Ips cembrae is listed in Annex IIB of Council Directive 2000/29/EC, and is considered a protected zone quarantine pest in Greece, Ireland and parts of the United Kingdom (Northern Ireland, Isle of Man), where the species is not present and quarantine measures are implemented to prevent entry (EFSA, 2017). Elsewhere, I. cembrae is widespread and not considered to be a quarantine pest. It is not a primary pest and only attacks trees already weakened by contributory stress factors, typically environmental or from other pests and diseases. It is therefore a much less damaging pest than I. typographus and presents a much lower risk to the protected zones. Ips cembrae has been introduced into areas where Larix spp. are planted (mainland UK, Netherlands, Sweden), and to date has behaved there in the same way as in its natural range.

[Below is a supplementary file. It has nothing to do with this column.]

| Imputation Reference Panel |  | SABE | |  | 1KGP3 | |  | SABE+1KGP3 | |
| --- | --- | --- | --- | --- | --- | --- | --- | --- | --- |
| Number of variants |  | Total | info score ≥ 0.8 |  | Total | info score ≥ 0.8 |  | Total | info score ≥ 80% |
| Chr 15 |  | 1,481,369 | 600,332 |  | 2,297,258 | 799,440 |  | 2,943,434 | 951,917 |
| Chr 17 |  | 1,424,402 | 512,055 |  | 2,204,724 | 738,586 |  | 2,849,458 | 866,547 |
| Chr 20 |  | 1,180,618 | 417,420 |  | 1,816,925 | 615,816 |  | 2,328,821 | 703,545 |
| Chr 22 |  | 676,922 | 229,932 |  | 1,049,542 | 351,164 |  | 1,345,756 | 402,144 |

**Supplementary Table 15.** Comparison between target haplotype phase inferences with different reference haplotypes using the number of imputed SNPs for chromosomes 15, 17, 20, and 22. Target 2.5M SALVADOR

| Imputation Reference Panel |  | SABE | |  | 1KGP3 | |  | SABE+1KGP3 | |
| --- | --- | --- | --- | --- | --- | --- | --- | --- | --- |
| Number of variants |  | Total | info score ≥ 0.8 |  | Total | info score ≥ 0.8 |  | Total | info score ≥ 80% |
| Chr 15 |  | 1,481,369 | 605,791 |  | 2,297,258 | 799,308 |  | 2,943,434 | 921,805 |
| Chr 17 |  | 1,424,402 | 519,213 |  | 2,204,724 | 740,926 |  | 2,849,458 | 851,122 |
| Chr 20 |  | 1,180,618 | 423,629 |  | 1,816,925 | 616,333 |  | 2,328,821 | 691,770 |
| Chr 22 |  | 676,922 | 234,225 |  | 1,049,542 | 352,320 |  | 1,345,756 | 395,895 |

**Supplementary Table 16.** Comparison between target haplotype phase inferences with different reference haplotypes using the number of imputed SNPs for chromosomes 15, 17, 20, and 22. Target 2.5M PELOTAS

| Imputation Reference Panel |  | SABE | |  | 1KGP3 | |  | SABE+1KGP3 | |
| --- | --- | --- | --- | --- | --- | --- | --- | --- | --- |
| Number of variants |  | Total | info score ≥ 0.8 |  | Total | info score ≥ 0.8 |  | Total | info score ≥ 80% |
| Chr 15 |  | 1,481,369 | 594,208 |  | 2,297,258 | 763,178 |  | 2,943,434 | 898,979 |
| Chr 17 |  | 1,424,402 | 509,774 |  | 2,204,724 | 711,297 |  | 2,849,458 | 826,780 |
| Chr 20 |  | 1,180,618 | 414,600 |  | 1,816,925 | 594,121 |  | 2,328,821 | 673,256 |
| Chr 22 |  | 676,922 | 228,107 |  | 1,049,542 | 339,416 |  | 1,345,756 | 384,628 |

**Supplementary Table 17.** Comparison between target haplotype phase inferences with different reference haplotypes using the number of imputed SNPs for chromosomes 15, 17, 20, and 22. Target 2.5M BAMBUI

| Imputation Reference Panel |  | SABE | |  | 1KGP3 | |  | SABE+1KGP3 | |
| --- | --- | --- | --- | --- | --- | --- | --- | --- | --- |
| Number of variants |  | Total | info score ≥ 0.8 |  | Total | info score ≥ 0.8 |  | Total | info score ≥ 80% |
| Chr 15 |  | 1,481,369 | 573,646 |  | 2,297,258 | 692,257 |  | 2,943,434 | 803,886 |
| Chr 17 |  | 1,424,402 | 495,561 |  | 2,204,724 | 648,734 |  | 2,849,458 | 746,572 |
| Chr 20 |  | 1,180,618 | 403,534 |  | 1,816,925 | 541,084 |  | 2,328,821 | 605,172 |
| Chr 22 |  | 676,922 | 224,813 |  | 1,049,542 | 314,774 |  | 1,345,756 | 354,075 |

PHYTOSANITARY MEASURES 2020-12-15
In the protected zones of Greece, Ireland, Northern Ireland, and the Isle of Man where I. cembrae is considered to be a quarantine pest, phytosanitary measures are available to prevent introduction of the pest with wood and bark. These include debarking of wood, and heat treatment of wood, bark and chips, considered to be effective where isolated areas cannot be reached by natural spread, as specified in Annex IVB of Council Directive 2000/29/EC.
Balachowsky A (1949) Coleoptera, Scolytides. Faune de France 50. P. Lechevalier, Paris, France.